Lund, J., Medellin-Azuara, J., Durand, J., & Stone, K. (2018). Lessons from California’s 2012–2016 drought. Journal of Water Resources Planning and Management, 144(10), 4018067. https://doi.org/10.1061/(ASCE)WR.1943-5452.0000984
3: Native fishes like Chinook salmon, splittail, and Delta smelt are adapted to persist and even thrive through severe droughts, but they are not well adapted to persist through modern droughts. Peter Moyle, Wildlife, Fish, and Conservation Biology, UC Davis
The well-honed drought survival strategies of California’s native fishes don’t work very well in contemporary California, as seen by their rapid decline through recent droughts. Dams block access to most cold water spawning and rearing areas once used by salmon and steelhead. Dams also fragment native fish populations so re-colonization of once-dry streams is not possible. Reservoirs cover the deep pool refuges present in the rivers and support mostly non-native fishes which exclude native fishes, especially through predation. Flow below dams can create good conditions for native fishes during drought, but can be abruptly shut off, becoming ecological traps rather than refuges. Low or no inflow to estuaries can make them too salty or warm, even for tolerant natives.
In general, drought in California reduces native fish populations and, where there is water, favors non-native fishes more tolerant of changed habitat and flow conditions.
So how do we save our fishes from the effects of extended drought? The answer lies in a combination of creative thinking and assured water supplies for fish refuges. Basically, extended drought creates a need for more frequent, rapid, and flexible actions to save fish. Better monitoring of all native fishes is needed to start. This monitoring should include an evaluation of every species status at least once every five years, including identification of drought refuges. During droughts, fishes with small and/or fragmented populations should be evaluated annually and action taken to prevent loss of isolated populations, such as moving fish to more secure habitats or moving water to the refuges. Some especially vulnerable fishes include Red Hills roach, Northern roach, Long Valley speckled dace, McCloud River redband trout, and Klamath River summer steelhead. Without an active program of evaluation and intervention, these native fishes will decline to extinction, drought by drought.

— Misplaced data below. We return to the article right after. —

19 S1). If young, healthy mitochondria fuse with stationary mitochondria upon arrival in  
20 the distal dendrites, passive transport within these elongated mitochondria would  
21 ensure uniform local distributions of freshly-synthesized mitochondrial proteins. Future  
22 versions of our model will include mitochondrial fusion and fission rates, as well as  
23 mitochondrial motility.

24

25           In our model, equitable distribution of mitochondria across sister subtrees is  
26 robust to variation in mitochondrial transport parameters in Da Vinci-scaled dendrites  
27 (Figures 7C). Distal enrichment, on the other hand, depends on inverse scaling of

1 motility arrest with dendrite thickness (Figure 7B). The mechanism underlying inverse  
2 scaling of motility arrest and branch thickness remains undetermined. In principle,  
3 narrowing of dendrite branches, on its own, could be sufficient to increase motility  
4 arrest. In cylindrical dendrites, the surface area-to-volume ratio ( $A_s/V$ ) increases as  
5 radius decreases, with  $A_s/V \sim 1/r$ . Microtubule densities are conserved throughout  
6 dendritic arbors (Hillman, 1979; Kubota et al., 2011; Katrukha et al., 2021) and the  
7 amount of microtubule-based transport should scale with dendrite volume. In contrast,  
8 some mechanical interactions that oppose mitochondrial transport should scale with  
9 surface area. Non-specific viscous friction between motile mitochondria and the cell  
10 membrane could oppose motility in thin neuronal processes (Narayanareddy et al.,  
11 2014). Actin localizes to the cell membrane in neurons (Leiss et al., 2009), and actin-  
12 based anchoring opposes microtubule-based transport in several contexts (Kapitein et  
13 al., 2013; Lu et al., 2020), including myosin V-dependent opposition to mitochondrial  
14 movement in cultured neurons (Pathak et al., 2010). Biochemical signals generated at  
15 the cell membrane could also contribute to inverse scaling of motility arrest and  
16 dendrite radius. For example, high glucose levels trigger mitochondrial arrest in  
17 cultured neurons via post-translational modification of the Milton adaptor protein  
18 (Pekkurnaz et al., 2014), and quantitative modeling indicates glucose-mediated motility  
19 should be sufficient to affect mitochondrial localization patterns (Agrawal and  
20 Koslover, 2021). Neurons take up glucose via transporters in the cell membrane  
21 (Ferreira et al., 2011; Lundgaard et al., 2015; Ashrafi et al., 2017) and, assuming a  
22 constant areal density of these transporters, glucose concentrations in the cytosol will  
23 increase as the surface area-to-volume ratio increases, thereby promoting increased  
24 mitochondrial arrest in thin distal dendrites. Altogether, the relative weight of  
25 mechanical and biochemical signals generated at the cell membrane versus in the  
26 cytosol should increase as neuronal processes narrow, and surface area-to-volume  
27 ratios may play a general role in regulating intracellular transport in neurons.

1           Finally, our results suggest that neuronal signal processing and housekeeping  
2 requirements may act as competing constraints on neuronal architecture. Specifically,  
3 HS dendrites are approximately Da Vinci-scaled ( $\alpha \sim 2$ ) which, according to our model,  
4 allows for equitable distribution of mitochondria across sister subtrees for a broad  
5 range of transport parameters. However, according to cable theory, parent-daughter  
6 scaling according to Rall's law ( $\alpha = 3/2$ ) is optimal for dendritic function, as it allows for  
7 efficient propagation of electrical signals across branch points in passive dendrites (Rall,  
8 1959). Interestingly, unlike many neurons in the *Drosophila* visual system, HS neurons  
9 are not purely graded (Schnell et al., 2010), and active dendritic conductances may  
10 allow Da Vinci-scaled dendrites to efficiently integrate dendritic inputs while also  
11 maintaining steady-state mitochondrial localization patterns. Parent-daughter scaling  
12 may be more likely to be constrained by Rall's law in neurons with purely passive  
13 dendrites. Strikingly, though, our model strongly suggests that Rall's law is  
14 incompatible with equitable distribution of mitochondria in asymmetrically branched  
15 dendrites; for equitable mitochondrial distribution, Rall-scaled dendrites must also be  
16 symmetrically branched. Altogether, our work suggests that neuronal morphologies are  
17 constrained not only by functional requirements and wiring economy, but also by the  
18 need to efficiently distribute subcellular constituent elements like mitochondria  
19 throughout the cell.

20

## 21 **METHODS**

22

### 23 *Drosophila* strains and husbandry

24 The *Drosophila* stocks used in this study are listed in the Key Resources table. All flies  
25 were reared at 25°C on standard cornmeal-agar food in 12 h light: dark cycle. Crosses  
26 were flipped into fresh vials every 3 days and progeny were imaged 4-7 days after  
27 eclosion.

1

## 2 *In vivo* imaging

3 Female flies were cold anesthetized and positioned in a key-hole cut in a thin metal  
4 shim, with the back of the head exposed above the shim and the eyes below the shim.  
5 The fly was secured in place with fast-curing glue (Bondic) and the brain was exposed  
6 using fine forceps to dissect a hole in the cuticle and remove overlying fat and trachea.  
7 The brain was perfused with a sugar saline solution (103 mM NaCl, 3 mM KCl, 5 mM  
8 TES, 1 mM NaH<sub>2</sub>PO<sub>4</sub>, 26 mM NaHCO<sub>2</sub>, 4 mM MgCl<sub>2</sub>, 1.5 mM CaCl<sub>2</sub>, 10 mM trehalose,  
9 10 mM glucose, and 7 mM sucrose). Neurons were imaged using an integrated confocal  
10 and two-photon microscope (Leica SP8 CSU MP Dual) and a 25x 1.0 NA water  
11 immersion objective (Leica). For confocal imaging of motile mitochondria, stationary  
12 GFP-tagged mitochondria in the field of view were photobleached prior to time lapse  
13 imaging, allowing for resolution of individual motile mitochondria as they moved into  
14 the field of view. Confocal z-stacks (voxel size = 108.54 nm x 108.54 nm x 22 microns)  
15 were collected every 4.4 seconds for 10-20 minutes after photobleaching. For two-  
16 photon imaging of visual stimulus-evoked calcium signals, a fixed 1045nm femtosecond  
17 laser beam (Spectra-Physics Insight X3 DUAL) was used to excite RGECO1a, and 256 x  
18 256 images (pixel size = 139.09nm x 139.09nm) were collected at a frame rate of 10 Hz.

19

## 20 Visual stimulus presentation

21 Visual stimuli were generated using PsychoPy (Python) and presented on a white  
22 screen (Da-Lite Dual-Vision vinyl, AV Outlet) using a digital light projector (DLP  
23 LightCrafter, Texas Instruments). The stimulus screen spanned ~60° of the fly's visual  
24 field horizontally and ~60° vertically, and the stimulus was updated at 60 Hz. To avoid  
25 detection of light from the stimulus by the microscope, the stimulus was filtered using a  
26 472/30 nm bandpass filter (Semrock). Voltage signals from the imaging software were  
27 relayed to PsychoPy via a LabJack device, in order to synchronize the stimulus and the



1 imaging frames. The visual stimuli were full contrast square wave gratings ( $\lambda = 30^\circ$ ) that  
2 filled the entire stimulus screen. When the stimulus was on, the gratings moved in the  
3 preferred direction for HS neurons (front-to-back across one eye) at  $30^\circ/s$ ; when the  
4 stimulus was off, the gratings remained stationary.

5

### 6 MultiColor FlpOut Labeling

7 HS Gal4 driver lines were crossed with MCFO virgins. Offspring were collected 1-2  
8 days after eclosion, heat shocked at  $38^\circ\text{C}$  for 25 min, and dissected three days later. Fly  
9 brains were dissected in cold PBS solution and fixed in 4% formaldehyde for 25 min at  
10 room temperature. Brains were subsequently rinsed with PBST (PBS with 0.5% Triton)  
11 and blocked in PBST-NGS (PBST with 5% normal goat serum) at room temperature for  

Further reading –
Mount, J., B. Gray, K. Bork, J. E. Cloern, F. W. Davis, T. Grantham, L. Grenier, J. Harder, Y. Kuwayama, P. Moyle, M. W. Schwartz, A. Whipple, and S. Yarnell. 2019. A Path Forward for California’s Freshwater Ecosystems. San Francisco: Public Policy Institute of California. 32 pp. https://www.ppic.org/wp-content/uploads/a-path-forward-for-californias-freshwater-ecosystems.pdf
Lennox R.J., D.A. Crook, P. B. Moyle, D. P. Struthers, and S. J. Cooke 2019. Toward a better understanding of freshwater fish responses to an increasingly drought-stricken world. Reviews in Fish Biology and Fisheries 29:71-92 https://doi.org/10.1007/s11160-018-09545-9. Open Access.
Howard, J.K, K. A. Fesenmyer, T. E. Grantham, J. H. Viers, P. R. Ode, P. B. Moyle, S. J. Kupferburg, J. L. Furnish, A. Rehn, J. Slusark, R. D. Mazor, N. R. Santos, R. A. Peek, and A. N. Wright. 2018. A freshwater conservation blueprint for California: prioritizing watersheds for freshwater biodiversity. Freshwater Science 37(2):417-431. https://doi.org/10.1086/697996
Moyle, P.B., J. D. Kiernan, P. K. Crain, and R. M. Quiñones. 2013. Climate change vulnerability of native and alien freshwater fishes of California: a systematic assessment approach. PLoS One. http://dx.plos.org/10.1371/journal.pone.0063883
4: Environmental flows and temperature mitigation are critical to ecosystems during droughts, and difficult to achieve. John Durand, Center for Watershed Sciences, UC Davis
The recent 2012-16 drought seriously degraded environmental conditions in the Sacramento River and Delta. At that time, a coordinated approach by the Real-Time Drought Operations Team, with representatives from water, fish and wildlife management agencies, was extremely helpful in managing some of the worst effects of the drought.
Current reservoir levels show we are back where we were in 2014 and 2015. Having little stored water then had implications for water supply and quality, as well as environmental conditions. Decreased flows increased salinity in the Delta, which jeopardized local agriculture and urban water supplies, as well as contaminating water exports from the south Delta. To minimize these risks, a temporary salinity barrier was installed at False River, near Franks Tract in 2015, which proved effective. The rapid deployment of such a barrier might provide some control in the current situation, and help to maintain fresh water for agricultural and urban use, with less disruption to the Delta ecosystem.The barrier also helped to preserve water storage north of the Delta, in case it would be needed in future years for environmental or human uses.